Enoch Pratt Library Winner

October 11, 1990

In turning three of its under-used neighborhood branches into homework centers for students, the Enoch Pratt Free Library has come up with a winner. This was evident in Southwest Baltimore's Morrell Park, where so many pupils came to the library on the opening day that the branch had to scramble for extra tables and chairs.

Under the homework center concept, that library and the CherrHill and Clifton branches have had their book collections and work routine changed. Out have gone most of the adult material, in have come 5,000 to 10,000 volumes specifically designed to help students in preparing homework assignments. Things like encyclopedias and study guides and computers.

Hours also were changed. Instead of opening the branches at 10 a.m., librarians spend morning hours in the schools. When the homework centers start their four-hour operation on weekdays, they will have at hand not only the library staff but also community volunteers. At least that is the plan, and it seems to be working. Coppin State College already has indicated an interest in providing homework helpers. More volunteers are needed, particularly retired educators, senior citizens and college and high school students.

"We are looking at these as pilots," library spokeswoman Averil J. Kadis says of the three branches. With each of the centers costing about $100,000 a year to operate, the conversions will not bring measurable savings to the financially strapped library system. But Florence S. Brown, who oversees the new centers along with other branches, feels that more intensive use of existing facilities is a worthy goal in itself. We concur.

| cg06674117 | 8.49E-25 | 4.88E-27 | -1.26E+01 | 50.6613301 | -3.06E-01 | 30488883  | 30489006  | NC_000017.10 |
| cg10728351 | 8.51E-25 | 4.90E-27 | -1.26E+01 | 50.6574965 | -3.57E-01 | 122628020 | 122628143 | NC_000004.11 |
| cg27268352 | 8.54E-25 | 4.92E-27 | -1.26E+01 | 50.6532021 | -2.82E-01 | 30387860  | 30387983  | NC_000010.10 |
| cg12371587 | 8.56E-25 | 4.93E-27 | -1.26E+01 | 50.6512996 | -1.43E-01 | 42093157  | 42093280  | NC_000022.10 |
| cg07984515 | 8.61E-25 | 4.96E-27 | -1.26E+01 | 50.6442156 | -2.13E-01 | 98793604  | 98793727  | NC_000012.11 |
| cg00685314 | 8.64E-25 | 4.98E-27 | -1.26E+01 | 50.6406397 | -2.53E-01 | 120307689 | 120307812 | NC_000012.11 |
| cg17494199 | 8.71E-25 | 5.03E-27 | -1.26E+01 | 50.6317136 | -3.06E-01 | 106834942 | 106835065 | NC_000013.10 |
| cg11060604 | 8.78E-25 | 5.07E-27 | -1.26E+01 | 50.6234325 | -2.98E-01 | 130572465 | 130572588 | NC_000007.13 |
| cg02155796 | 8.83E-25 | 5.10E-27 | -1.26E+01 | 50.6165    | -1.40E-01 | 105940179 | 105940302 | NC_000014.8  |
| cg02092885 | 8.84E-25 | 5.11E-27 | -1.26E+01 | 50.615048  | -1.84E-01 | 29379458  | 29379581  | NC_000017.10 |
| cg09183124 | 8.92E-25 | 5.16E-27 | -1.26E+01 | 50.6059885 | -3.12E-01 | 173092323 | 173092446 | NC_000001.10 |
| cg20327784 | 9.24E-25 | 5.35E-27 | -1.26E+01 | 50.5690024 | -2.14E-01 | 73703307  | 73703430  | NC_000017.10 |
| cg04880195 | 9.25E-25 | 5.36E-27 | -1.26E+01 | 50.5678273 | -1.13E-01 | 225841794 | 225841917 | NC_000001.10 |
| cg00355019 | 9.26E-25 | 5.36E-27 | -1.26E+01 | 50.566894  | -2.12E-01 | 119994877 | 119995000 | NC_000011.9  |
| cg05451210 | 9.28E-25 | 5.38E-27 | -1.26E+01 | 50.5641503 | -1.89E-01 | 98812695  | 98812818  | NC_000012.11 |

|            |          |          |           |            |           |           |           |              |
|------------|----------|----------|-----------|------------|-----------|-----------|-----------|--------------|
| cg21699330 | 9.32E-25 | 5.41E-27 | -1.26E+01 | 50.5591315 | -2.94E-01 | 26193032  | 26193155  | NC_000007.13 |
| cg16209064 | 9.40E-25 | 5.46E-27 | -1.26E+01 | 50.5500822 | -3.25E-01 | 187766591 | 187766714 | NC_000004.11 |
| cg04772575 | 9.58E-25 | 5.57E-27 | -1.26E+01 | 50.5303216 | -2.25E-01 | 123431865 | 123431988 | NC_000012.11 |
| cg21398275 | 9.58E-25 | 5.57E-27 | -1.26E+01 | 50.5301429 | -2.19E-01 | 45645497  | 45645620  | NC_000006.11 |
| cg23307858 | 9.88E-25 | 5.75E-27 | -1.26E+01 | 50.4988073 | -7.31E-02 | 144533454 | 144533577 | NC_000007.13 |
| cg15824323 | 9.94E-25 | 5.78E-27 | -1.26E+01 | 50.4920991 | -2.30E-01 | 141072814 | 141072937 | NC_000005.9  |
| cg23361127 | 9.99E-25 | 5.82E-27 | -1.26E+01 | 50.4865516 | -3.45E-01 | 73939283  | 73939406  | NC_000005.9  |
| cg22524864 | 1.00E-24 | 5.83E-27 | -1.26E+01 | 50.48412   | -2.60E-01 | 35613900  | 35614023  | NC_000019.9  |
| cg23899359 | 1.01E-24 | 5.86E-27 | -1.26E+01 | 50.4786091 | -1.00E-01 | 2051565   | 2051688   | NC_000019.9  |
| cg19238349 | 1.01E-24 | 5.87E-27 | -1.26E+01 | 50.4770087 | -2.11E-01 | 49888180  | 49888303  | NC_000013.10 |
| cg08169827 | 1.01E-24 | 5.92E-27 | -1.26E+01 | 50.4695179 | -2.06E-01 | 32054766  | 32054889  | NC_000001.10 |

Books and libraries are wondrous things but reading for learning and enjoyment are often acquired traits. Distractions at home, especially for children of underprivileged families, makes it difficult for them to concentrate on books or their homework. This can lead to poor grades and learning difficulties that often culminate in absenteeism and drop-out problems.

The new homework centers provide children an environment in which they can learn and get help in doing home assignments. Who knows, they might even become magnets which will draw adults to the libraries.

Baltimore Sun Articles
Please note the green-lined linked article text has been applied commercially without any involvement from our newsroom editors, reporters or any other editorial staff.